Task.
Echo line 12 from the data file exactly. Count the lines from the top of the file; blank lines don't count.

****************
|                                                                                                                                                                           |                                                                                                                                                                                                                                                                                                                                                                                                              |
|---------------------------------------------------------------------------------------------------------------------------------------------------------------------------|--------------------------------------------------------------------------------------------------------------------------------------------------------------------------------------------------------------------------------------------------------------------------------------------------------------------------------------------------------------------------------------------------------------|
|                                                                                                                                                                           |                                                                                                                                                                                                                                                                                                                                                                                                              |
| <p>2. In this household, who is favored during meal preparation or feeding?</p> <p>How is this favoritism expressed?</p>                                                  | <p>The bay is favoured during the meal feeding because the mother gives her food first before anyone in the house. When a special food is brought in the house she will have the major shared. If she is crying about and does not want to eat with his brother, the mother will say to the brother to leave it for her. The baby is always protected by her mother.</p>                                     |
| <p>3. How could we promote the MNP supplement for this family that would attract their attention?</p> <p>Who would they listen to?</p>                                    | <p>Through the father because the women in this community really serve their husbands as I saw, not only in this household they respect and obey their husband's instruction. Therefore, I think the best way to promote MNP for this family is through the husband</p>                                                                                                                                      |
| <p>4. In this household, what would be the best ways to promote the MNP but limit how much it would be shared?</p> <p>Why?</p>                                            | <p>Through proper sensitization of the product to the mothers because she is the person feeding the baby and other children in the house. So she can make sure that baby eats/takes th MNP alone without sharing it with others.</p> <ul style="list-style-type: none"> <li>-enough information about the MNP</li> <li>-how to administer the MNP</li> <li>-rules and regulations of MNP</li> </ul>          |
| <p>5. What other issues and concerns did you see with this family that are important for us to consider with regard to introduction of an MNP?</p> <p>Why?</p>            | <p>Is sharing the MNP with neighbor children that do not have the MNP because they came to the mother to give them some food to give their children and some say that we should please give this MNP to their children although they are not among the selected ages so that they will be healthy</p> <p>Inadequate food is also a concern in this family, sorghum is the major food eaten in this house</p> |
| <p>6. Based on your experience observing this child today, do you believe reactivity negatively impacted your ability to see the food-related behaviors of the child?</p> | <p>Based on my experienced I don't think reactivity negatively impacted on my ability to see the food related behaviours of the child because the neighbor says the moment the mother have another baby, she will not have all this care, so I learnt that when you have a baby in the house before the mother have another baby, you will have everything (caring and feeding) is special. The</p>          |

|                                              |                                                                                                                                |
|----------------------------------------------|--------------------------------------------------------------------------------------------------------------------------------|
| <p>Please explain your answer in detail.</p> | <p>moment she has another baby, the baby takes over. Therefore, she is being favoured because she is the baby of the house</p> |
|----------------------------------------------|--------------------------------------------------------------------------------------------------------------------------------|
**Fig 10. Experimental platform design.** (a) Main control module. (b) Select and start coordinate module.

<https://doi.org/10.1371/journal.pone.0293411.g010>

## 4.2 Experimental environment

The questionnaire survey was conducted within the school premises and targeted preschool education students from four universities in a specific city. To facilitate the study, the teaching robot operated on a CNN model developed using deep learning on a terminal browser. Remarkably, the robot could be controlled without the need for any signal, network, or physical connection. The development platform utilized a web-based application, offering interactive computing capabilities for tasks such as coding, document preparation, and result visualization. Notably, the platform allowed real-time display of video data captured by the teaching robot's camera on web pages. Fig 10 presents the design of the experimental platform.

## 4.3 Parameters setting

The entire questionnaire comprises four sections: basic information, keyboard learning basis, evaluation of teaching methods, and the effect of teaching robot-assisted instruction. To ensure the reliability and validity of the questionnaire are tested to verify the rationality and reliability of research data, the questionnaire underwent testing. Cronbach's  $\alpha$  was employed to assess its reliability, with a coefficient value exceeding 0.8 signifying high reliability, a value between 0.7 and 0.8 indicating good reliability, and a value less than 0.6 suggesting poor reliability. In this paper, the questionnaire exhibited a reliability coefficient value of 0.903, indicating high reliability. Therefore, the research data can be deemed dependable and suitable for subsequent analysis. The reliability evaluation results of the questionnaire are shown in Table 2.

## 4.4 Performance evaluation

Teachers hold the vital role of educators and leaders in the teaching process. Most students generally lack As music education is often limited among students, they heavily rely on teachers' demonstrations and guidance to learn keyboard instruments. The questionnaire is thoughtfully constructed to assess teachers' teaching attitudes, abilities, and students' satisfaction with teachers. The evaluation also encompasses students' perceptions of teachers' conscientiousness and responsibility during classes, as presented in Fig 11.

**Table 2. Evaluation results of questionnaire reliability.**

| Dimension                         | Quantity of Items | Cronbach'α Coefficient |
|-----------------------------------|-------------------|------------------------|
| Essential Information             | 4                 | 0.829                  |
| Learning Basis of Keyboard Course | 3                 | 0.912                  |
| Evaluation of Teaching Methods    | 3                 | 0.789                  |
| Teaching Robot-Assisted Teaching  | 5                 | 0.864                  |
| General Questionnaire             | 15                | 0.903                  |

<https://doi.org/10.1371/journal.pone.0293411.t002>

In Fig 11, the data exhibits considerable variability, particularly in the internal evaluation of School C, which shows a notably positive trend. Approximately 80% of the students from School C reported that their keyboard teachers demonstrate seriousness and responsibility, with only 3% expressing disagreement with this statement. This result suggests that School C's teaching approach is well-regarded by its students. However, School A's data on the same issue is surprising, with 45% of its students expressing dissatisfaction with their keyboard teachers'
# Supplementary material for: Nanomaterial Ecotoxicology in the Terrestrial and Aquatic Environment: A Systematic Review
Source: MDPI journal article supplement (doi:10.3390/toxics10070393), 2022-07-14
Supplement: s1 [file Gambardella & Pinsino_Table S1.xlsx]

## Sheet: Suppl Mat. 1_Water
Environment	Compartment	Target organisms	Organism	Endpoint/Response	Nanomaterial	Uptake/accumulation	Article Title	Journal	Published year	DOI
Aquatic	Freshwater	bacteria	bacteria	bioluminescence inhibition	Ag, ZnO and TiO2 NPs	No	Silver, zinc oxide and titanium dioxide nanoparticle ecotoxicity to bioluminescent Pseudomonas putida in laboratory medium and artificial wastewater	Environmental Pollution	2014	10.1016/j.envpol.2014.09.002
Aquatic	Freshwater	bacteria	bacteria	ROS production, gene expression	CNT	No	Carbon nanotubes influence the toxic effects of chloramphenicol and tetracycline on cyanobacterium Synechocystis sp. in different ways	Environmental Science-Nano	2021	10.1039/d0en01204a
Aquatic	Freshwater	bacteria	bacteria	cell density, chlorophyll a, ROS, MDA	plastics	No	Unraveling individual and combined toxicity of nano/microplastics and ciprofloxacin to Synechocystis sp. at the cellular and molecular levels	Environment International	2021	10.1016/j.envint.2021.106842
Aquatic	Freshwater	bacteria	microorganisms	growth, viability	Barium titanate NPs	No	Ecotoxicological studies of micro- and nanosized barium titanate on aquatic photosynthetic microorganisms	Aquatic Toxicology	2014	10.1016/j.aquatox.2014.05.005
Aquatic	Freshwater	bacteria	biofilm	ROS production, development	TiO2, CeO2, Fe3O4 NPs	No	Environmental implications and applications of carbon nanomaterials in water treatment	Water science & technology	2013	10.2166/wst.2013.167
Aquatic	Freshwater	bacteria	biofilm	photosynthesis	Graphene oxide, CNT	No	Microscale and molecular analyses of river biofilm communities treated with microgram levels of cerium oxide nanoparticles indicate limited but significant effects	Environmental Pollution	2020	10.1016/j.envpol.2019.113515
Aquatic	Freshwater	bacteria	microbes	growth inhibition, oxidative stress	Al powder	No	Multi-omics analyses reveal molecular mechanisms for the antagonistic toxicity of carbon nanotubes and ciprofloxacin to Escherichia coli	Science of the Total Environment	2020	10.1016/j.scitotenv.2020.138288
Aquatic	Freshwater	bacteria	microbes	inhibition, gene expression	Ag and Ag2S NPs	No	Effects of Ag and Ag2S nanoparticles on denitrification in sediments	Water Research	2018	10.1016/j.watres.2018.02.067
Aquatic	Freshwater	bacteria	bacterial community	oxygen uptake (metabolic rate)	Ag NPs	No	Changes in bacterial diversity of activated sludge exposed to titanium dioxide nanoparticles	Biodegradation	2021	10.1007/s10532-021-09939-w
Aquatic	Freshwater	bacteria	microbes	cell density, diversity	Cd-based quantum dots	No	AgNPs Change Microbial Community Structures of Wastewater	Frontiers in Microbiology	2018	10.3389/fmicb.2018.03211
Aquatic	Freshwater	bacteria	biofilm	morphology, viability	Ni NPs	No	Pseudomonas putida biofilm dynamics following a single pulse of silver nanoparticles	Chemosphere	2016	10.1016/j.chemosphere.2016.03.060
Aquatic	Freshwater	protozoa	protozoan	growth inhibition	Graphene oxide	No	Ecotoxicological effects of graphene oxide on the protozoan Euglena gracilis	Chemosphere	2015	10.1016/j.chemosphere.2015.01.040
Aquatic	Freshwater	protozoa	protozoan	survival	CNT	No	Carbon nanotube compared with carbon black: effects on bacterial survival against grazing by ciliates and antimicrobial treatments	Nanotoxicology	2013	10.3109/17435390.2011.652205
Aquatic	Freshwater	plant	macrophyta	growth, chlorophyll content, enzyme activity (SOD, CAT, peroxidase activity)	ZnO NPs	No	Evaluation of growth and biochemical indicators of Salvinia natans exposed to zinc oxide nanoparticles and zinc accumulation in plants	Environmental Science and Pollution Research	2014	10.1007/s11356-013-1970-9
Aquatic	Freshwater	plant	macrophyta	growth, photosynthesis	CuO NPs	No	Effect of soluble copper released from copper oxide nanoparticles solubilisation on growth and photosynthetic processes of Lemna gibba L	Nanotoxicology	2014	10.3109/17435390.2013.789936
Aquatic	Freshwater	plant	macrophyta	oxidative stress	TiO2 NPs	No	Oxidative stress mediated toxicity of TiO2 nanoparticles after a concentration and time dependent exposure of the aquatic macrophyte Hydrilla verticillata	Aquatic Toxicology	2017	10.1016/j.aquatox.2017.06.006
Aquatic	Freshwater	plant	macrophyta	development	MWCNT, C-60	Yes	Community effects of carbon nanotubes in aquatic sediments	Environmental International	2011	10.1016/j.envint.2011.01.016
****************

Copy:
|----------------------------------------------|--------------------------------------------------------------------------------------------------------------------------------|